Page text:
by Eliza Granville
Published Feb 6th 2014, Penguin Books UK
Vienna, 1899. Josef Breuer - celebrated psychoanalyst - is about to encounter his strangest case yet. Found by the lunatic asylum, thin, head shaved, she claims to have no name, no feelings - to be, in fact, not even human. Intrigued, Breuer determines to fathom the roots of her disturbance.
Years later, in Germany, we meet Krysta. Krysta's Papa is busy working in the infirmary with the 'animal people', so little Krysta plays alone, lost in the stories of Hansel and Gretel, the Pied Piper, and more. And when everything changes and the real world around her becomes as frightening as any fairy tale, Krysta finds that her imagination holds powers beyond what she could have ever guessed... (Synopsis from Goodreads)
Part fairytale, part historical fiction, part harrowing story of Nazi concentration camp survivors, and part... something else. It’s quite hard to pin this book down as any one thing, as it weaves many different strands together, and until the end it is often quite hard to say which parts are really happening. I loved this; I was kept constantly surprised and was never quite sure what to expect next. I loved how the different stories and timelines mirrored each other, even the little snippets of fairytales that Greet and Krysta relate. I loved the darkness that crept through from the fairy stories into the other narratives, and vice versa, and the way the stories the characters told each other seemed to have a strange ability to affect reality (something that is emphasised even more by the end of the book).
This isn’t a fairytale re-writing though. Stories wind their way through the book, sometimes obscuring and sometimes revealing a little more of the real characters and the truth under all the stories. This is very effective, as the main character has obviously been through something so terrible that she has to almost dance around it, dipping in and out, winding magic and stories around it in order to be able to face it. At points it is almost as though the reader must slash through a forest of thorns made up of stories, like a protective layer, in order to get to the heart of the book. The darkness under the surface of most fairytales lends itself well to this, and we’re reminded that real life can be just as horrible, and that monsters really do exist. The ending finally pulls all these strands and themes together.
I have to admit that the ending at first came as a bit of a blow to me. When I began to see what was really happening I was disappointed; the book was strange, and seemed to be pulling towards something very unique and dramatic. This sudden change in direction, though not unexpected, was not what I was personally hoping for. It’s hard to explain without giving away spoilers, but it’s the kind of revelation that could perhaps spoil the book for certain readers. However, by the end of the book I came to really appreciate the ending for it was doing. The author is saying something about the power of stories and fairytales, and about memory and the truth we construct for ourselves.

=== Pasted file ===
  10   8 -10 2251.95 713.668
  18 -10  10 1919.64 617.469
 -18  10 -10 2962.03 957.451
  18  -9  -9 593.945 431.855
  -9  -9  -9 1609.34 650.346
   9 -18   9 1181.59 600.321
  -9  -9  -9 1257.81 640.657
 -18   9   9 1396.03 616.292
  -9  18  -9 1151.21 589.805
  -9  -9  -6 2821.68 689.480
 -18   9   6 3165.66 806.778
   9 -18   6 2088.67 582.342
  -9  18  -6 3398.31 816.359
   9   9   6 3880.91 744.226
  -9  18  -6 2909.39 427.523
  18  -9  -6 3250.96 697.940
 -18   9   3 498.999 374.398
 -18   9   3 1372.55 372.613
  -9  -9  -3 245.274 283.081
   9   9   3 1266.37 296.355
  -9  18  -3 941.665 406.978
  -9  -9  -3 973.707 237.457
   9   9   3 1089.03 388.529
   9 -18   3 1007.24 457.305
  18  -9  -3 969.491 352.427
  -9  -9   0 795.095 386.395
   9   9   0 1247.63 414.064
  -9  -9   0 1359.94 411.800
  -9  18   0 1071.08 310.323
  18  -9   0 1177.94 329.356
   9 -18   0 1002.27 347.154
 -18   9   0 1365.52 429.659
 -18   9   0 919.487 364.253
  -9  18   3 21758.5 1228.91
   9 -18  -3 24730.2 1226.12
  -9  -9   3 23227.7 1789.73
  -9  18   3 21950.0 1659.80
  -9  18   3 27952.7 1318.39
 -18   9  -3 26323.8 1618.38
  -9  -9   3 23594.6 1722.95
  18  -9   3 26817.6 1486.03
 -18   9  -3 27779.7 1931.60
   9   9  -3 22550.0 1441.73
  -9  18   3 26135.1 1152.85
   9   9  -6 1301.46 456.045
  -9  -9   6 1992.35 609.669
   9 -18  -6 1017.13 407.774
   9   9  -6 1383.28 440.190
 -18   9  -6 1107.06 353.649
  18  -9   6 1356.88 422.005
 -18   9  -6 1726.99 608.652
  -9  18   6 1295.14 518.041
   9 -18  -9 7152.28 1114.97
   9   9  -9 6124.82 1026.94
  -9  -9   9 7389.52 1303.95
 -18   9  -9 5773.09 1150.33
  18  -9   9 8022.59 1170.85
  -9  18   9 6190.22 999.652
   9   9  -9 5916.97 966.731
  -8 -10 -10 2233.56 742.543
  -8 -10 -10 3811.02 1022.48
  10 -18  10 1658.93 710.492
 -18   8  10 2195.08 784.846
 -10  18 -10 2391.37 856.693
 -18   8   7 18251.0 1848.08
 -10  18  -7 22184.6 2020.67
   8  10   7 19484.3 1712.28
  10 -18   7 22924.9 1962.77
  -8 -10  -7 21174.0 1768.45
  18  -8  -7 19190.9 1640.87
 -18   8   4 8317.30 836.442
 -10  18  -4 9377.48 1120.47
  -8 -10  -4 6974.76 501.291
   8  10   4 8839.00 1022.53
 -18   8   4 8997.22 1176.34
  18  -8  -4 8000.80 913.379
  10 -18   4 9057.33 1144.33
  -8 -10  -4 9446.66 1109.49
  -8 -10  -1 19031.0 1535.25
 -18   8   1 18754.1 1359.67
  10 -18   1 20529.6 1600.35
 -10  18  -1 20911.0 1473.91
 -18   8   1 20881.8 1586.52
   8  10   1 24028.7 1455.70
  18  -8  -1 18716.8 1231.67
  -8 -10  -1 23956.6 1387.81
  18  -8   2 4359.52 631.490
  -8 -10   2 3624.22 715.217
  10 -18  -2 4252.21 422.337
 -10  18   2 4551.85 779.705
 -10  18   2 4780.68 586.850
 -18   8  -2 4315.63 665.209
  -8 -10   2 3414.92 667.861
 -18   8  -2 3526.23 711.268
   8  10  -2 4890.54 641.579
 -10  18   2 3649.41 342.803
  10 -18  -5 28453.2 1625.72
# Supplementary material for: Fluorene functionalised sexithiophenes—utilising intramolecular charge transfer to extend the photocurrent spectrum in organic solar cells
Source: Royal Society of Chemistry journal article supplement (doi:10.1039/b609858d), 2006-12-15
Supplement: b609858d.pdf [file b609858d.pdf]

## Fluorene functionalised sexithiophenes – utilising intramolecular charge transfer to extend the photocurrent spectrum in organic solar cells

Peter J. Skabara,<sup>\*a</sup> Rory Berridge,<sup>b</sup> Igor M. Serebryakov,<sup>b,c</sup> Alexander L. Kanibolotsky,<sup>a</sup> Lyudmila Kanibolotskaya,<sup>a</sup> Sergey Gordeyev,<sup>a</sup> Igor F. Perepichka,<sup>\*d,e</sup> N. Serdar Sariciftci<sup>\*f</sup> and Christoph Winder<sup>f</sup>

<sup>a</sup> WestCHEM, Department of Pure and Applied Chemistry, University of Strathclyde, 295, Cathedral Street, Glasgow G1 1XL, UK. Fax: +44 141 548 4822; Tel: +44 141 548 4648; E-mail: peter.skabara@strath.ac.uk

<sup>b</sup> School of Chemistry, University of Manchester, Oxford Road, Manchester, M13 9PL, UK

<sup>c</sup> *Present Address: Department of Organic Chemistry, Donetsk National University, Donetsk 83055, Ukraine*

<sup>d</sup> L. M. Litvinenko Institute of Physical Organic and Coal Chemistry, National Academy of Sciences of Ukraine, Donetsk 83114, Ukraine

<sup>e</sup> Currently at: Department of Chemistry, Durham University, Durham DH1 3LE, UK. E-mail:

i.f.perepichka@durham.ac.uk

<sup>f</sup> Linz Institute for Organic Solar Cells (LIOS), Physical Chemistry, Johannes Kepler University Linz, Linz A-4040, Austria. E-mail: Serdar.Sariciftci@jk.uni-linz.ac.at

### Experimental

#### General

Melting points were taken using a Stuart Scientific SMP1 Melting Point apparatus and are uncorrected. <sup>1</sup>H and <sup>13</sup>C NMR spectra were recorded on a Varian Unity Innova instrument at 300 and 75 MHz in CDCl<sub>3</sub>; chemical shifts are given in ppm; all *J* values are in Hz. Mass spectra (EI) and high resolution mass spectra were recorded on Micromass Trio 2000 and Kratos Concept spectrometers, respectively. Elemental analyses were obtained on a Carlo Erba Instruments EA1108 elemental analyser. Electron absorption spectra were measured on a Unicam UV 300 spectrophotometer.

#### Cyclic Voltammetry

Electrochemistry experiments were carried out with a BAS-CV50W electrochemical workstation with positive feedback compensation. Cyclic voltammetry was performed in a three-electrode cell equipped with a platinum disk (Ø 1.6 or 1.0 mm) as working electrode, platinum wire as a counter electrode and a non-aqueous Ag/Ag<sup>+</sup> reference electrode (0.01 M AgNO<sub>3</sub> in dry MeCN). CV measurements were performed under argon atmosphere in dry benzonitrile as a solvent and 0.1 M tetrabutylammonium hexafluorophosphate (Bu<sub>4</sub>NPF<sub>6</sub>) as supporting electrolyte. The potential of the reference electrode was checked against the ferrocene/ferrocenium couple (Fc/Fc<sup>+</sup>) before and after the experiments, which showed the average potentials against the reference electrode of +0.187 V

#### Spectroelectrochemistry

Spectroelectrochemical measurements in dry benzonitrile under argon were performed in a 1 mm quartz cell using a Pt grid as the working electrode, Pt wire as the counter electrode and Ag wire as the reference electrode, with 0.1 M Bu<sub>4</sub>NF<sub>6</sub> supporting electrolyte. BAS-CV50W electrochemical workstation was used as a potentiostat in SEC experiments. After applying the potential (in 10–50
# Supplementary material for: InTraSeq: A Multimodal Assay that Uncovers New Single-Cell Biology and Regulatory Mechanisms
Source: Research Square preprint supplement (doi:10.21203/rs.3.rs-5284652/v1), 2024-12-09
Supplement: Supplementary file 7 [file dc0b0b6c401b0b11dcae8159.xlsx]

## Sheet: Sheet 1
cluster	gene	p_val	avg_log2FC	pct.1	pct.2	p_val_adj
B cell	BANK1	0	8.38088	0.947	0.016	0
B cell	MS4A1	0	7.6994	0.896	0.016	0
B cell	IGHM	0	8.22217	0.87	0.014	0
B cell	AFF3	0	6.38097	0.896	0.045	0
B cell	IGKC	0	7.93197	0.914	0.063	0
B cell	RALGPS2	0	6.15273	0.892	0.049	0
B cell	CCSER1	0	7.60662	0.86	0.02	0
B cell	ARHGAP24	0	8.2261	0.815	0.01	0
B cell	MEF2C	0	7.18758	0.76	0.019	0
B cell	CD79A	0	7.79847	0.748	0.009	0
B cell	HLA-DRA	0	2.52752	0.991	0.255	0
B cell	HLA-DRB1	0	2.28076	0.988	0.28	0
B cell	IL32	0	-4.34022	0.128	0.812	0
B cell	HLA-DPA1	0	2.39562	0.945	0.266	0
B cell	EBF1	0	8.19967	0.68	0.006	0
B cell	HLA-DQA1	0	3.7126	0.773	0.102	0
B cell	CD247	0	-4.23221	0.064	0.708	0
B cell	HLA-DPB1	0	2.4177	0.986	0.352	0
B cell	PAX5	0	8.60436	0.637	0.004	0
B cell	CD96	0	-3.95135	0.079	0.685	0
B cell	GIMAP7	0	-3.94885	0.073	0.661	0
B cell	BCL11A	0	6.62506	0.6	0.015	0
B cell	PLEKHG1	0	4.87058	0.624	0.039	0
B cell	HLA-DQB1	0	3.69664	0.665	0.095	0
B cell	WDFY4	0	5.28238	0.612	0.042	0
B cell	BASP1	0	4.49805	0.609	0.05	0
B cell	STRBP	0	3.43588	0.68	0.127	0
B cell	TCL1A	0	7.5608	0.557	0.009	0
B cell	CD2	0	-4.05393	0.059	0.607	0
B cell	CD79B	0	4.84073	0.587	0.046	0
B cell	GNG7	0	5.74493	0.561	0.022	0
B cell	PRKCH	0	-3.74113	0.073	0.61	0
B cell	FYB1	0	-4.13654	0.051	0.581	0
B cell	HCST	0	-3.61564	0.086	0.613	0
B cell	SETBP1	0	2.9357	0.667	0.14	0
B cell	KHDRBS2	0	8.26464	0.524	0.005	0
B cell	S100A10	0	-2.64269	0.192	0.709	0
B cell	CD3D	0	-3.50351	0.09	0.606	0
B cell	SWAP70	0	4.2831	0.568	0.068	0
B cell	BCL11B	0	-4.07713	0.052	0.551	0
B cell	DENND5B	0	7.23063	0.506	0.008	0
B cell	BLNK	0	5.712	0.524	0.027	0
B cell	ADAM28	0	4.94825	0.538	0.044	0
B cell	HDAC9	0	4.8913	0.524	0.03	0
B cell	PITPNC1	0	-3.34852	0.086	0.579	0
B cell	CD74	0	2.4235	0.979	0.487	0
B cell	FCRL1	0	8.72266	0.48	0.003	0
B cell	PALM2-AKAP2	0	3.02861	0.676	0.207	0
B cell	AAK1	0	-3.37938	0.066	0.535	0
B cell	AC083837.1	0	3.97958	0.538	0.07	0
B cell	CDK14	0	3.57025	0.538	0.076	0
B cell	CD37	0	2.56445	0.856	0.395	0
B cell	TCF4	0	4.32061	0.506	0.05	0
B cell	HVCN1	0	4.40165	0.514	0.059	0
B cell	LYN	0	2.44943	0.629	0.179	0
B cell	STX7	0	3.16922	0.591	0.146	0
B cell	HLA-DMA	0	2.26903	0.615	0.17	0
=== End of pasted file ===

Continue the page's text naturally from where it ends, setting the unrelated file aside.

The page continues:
I do wish that this could have been achieved without dropping one storyline so suddenly; some of the mysteries and developments in it felt a little pointless because of this, and could have been woven in better. The ending also unfortunately made a lot of the tension of this part of the story irrelevant, which was slightly frustrating when looking back. If you fear for a character and then find out that they were never in any real danger, or not the kind you thought they were in, it can sometimes cheapen the whole thing. Thankfully, this is not the major criticism that it sounds like it might be, as all the stories and characters tangled together in this book are connected in a way that allows for a satisfying end. There is a lot going on here that is very clever, and it is a captivating read from beginning to end.
As well as an intricate and interesting structure, the book is overflowing with absolutely beautiful writing, creating a strange, magical and disturbing atmosphere that fits the plot so perfectly. The author’s characters are larger than life, like fairytale characters, but they are also believable and flawed and fascinating. There is plenty of humour running through the book too, which is important in a story that doesn’t shy away from themes such as prejudice and selfish obsession, and the terrible realities of atrocities in Nazi camps. The beauty and the magic of the book contrast startlingly with its brutality, just as in many fairytales. This is a very well written and constructed book.
So, perhaps not quite what I expected and perhaps not quite the ending I was hoping for, but in spite of that, probably the right ending for this book. A fascinating and beautiful read and definitely recommended, especially for those readers like me who love fairytales and really believe in the power of stories.
I won a copy of this book on Goodreads, but was not required to write a positive review. Thanks to Penguin for sending a copy. :-)